Plastic sleds, pool toys and skateboards without wheels could be seen speedily descending several hills at Temple’s Lions Park Monday morning followed by laughter.

Families and individuals came out to take advantage of what remaining snow they could before the still-rising Texas sun could melt too much of it away.

“They loved (the snow) so we have been just trying to take advantage of it as much as we can before they get too cold and hands get numb,” Warren Gray, a Temple resident, said about his two kids. “We went out into our yard early yesterday morning, trying to do whatever we could, not knowing how much we would have.” 

Warren, along with his wife Ashley and kids Eisley, 9, and Banner, 5, were out at the park Monday morning taking turns sledding down a small hill.

The children used small circular sleds the family purchased when they went sledding on the sand dunes of White Sands, New Mexico. Warren said he had not expected the sleds to come in handy here in Texas for snow.

Temple resident Shalena Cuthbertson said she was happy to have something to do outside, after being kept inside due to the ongoing coronavirus pandemic.

Shalena was at Lions Park with her daughters Kyra, 3, and Jayda, 9, who were both seeing a large amount of snow for the first time. She said most years when there is snow it tends to be very little and disappear too quickly.

“It is the first time (they have) ever done sledding or anything more than a miniature snowman,” Shalena said. “The baby woke up this morning trying to put a coat on to go outside and play again.”

Accidents and serious injuries

The icy weather had a dark side as well.

Temple Police Department spokesman Cody Weems said the city had seen about 70 calls on Sunday and Monday about traffic accidents in the city. Sunday saw 30 accidents while the first half of Monday already saw 40.

Weems said that while he is not able to tell the cause of the accidents and find if they were caused by the weather, the number of traffic accidents in the past two days were, “significantly higher than average.”

One of the traffic accidents included a Temple Fire & Rescue truck, which was damaged at about 4:30 a.m. early Monday morning when it was struck by a vehicle that lost control on Interstate 35.

Crew members from Ladder Truck No. 1 stopped remaining traffic on the interstate and rendered aid to the occupants of the vehicle involved in the accident, according to a news release from spokesman Santos Soto III.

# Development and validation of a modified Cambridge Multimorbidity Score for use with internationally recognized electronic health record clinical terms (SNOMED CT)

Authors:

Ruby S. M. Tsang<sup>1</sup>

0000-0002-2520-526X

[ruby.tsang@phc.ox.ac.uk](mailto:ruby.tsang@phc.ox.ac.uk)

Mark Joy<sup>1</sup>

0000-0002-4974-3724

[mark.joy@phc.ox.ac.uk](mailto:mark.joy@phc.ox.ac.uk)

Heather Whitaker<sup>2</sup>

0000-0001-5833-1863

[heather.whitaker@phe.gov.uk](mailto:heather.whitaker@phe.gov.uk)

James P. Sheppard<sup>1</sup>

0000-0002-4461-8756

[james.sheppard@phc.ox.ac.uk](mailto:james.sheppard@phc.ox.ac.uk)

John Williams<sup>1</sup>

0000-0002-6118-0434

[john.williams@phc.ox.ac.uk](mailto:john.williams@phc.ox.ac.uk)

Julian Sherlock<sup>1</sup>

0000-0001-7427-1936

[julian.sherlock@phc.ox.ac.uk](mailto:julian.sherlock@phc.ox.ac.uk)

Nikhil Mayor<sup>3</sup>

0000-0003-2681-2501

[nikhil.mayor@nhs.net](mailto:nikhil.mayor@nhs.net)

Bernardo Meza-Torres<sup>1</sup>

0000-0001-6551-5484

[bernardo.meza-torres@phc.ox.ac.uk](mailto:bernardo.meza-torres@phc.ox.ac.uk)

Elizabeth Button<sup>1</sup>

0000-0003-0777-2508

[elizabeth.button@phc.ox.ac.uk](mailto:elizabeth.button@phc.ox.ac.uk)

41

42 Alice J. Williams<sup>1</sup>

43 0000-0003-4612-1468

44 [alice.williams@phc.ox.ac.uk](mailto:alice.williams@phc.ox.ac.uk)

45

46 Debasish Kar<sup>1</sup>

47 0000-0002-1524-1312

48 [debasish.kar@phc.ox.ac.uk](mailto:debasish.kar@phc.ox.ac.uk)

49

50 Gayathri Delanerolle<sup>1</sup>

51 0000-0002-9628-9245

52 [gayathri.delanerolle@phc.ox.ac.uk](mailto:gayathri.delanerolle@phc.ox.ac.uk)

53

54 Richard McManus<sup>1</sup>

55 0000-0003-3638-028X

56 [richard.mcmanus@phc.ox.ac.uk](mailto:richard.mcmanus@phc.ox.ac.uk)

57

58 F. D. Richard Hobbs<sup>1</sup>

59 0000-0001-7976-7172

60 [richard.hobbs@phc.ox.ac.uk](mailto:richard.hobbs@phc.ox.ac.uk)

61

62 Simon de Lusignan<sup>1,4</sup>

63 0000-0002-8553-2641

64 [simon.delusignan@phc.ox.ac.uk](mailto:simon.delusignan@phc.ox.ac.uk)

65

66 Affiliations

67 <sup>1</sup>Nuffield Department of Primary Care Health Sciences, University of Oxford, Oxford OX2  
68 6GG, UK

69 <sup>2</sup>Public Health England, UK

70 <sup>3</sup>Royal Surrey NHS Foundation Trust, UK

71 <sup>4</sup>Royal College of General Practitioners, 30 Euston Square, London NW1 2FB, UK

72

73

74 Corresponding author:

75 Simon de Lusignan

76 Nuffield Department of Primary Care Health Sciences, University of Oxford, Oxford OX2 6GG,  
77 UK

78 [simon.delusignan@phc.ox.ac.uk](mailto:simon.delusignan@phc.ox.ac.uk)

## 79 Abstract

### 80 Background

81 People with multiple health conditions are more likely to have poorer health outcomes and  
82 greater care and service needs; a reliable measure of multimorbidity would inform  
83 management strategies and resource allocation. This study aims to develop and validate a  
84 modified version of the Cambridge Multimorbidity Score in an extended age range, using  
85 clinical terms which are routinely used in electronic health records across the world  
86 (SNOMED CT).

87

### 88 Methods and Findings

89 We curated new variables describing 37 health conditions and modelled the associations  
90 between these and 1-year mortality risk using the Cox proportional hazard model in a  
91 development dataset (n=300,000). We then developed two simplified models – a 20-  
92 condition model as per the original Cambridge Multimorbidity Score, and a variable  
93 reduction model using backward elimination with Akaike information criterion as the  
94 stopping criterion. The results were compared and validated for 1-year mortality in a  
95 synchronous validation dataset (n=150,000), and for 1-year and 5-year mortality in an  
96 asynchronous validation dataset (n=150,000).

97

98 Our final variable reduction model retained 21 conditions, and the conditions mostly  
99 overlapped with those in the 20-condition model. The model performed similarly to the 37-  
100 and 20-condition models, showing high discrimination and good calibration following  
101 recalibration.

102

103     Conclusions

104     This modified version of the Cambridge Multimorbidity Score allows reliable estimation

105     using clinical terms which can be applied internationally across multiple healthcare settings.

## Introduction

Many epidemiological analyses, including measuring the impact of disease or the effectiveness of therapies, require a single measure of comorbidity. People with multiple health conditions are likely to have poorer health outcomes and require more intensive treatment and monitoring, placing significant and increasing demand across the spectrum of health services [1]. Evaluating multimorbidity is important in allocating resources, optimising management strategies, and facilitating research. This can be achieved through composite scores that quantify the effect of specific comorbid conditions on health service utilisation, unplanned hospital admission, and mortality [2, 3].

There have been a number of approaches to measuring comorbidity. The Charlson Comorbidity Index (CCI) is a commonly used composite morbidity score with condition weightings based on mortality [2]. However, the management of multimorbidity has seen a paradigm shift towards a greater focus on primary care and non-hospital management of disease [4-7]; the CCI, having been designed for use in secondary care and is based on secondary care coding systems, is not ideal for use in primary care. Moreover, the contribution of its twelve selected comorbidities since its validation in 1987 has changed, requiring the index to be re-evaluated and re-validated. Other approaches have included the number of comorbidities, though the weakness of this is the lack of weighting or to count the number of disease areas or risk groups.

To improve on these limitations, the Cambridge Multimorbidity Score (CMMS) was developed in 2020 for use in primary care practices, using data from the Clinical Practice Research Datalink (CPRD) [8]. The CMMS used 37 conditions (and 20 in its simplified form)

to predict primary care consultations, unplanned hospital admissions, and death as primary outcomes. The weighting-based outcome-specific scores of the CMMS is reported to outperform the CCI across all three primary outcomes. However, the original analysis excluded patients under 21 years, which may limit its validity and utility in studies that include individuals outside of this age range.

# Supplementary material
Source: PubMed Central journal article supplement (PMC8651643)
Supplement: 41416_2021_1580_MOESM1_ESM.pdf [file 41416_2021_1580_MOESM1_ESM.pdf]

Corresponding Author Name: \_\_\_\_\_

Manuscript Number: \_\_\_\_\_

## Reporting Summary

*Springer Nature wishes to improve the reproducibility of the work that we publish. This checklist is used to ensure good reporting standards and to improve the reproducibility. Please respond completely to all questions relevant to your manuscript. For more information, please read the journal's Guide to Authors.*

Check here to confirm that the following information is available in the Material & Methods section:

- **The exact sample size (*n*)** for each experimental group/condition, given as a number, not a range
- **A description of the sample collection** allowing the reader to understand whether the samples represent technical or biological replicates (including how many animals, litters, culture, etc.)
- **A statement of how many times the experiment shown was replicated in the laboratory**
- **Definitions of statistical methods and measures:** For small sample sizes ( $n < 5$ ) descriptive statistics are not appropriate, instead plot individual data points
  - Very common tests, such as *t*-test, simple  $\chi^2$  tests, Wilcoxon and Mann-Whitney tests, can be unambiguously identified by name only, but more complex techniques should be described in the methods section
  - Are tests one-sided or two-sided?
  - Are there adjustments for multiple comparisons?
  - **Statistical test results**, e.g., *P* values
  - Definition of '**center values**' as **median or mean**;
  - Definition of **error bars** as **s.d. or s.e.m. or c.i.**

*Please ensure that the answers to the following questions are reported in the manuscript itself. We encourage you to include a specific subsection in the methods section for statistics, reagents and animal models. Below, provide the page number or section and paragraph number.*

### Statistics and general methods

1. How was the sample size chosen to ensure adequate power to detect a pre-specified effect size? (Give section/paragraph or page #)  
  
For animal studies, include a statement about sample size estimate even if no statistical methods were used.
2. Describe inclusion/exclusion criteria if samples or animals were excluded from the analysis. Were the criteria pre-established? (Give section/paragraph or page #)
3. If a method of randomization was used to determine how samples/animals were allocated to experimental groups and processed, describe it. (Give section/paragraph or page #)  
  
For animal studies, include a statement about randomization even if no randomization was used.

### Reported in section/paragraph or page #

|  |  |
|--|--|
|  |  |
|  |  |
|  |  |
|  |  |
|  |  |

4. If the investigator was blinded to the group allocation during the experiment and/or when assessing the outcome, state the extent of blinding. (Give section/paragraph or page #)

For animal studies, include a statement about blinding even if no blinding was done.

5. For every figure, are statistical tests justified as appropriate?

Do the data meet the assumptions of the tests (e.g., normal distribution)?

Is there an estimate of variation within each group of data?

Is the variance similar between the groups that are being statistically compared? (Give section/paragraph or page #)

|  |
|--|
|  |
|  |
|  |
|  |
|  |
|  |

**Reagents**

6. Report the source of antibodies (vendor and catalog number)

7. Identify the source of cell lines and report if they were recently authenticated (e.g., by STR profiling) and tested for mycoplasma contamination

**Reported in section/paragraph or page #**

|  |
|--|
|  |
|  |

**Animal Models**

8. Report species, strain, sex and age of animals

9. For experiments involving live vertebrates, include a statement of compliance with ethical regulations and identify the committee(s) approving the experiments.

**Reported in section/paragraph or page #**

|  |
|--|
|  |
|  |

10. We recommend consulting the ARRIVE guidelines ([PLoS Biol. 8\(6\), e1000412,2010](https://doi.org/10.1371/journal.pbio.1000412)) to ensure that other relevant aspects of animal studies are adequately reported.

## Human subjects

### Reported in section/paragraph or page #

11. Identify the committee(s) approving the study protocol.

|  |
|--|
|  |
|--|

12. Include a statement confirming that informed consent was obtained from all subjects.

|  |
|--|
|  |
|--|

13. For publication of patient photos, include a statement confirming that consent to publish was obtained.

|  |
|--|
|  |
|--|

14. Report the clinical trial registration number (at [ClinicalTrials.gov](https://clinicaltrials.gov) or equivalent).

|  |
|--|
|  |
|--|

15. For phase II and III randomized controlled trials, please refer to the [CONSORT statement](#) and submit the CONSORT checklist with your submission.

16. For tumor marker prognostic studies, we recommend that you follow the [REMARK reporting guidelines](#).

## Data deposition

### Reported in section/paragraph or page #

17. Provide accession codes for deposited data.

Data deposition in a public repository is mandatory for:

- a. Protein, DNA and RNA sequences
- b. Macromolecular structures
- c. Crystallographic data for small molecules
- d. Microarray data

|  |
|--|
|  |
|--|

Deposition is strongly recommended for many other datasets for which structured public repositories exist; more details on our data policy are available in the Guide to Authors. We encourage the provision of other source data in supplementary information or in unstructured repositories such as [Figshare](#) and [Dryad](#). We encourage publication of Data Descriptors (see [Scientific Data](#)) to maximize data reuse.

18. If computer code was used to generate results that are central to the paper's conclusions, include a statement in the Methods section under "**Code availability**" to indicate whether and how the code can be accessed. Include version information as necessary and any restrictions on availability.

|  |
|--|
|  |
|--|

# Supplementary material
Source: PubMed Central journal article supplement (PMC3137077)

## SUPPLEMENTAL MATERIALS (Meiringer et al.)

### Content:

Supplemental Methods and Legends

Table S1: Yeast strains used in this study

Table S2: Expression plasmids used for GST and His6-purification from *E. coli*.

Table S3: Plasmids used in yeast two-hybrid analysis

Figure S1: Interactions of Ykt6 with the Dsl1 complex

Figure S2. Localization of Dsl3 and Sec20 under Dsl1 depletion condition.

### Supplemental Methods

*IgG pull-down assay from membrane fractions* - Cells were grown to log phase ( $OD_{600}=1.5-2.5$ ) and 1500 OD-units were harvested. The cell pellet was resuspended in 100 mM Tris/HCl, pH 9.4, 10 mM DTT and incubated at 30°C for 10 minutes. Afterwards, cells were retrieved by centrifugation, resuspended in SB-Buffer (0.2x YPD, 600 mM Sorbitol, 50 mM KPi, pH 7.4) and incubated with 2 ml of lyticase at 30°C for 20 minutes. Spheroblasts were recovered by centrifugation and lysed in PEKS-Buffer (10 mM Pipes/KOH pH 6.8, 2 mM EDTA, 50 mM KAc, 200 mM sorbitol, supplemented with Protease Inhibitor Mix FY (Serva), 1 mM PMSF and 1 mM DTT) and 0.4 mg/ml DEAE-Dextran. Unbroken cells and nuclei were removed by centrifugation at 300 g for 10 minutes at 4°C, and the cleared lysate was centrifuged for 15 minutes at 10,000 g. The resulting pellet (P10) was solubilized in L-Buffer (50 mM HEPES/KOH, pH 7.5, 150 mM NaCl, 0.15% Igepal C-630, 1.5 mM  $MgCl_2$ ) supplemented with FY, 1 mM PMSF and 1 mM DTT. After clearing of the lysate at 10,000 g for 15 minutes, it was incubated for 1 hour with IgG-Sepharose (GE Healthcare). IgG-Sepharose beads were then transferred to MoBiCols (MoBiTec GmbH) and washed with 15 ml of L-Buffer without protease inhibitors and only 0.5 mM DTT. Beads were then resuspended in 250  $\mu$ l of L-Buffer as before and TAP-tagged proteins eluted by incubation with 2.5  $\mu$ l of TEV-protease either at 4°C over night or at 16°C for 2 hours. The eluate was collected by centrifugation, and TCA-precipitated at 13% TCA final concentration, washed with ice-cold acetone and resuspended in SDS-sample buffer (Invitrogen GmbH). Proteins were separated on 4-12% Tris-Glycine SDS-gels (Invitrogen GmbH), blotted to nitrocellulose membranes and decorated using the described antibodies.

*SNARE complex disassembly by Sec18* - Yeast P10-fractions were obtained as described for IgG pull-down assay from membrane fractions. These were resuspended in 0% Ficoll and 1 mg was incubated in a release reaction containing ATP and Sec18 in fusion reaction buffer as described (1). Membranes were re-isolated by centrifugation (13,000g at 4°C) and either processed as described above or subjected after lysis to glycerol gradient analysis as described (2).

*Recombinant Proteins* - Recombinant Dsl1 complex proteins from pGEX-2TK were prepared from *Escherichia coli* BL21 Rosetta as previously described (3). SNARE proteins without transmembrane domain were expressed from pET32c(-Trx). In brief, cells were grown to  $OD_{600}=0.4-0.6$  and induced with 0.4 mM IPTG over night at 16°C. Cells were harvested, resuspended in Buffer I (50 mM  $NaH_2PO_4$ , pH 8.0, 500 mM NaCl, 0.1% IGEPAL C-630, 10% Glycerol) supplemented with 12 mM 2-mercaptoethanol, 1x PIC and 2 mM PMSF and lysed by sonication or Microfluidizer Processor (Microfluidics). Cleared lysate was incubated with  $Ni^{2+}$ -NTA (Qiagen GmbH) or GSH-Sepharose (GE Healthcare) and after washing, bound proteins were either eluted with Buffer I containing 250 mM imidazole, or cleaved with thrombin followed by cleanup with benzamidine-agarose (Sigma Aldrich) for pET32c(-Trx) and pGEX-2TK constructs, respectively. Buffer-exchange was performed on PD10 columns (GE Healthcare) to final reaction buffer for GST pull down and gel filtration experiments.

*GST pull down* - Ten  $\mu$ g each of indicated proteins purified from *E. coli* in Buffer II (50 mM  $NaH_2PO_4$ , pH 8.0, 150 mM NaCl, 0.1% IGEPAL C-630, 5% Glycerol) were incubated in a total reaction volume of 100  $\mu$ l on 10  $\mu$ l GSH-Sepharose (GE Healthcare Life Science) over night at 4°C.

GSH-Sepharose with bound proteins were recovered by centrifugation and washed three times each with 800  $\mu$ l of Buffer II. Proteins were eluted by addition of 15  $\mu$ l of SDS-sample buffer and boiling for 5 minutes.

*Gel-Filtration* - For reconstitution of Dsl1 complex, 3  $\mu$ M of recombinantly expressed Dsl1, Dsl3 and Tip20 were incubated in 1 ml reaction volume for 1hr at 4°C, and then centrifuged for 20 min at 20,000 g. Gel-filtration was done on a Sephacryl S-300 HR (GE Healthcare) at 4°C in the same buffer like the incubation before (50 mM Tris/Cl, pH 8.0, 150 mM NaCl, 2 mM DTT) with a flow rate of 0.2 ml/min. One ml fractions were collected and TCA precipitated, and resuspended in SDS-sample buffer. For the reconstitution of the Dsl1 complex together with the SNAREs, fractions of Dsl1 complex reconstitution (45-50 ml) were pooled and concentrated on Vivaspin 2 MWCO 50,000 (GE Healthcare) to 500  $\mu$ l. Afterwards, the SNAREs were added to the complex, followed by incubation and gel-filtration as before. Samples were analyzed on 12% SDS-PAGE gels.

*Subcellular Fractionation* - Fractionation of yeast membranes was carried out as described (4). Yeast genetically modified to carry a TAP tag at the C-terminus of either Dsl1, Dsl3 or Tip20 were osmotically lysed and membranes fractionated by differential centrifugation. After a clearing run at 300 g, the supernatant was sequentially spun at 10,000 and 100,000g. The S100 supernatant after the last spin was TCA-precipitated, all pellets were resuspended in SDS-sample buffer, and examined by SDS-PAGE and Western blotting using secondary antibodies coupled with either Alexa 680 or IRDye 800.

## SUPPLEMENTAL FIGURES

Firefighters extricated seven occupants, all of which were transported to Baylor, Scott & White Medical Center-Temple with serious and life-threatening injuries, he said.

A photo from Temple Fire & Rescue showed damage to one of the truck’s doors.

“We would like to use this unfortunate event to remind the public, to please drive appropriately for the road conditions,” Soto said in the release. “While the snow may be melting today, other causes of weather related incidents such as fog and rain, can have consequences that are just as deadly. We can replace our vehicles, you however, cannot be replaced. Slow down, it could save your life!”

Warming stations open

The cold weather has also kept Temple’s two warming stations, located at the Temple Impact Church and Salvation Army, open.

Both station open when the weather is below freezing, when factoring in wind chill, or below 35 degrees when it is wet out.

Roy Rhodes, pastor at Impact Church, said the two organizations planned on opening their doors Tuesday night after being open since Thursday evening. He said the two stations would continue to stay open if it remained cold, but expected temperatures to rise to above freezing later in the week.

Meteorologist Jason Godwin, with the National Weather Service in Fort Worth, said Sunday’s snowfall was the first measurable amount of snow since March, 2015.

Godwin said Temple and Belton both received about 4 inches of snow, while Killeen received 4.5 inches and Fort Hood saw 1.5 inches.

While previous snowfalls might not have been enough to be measured, Temple did see some snow last February before it quickly melted by the afternoon.

Godwin said the last time Bell County saw more than an inch of snow was in 2010, which the area saw 3.3 inches. He said the area some of the highest recorded amounts of snow for the area occurred back in 1966 with about 9 inches.

“I feel pretty safe in saying that this is the most snowfall the area has seen in at least 10 years,” Godwin said. “It is not a totally unprecedented amount of snow, but definitely something that happens every 10 years or more.”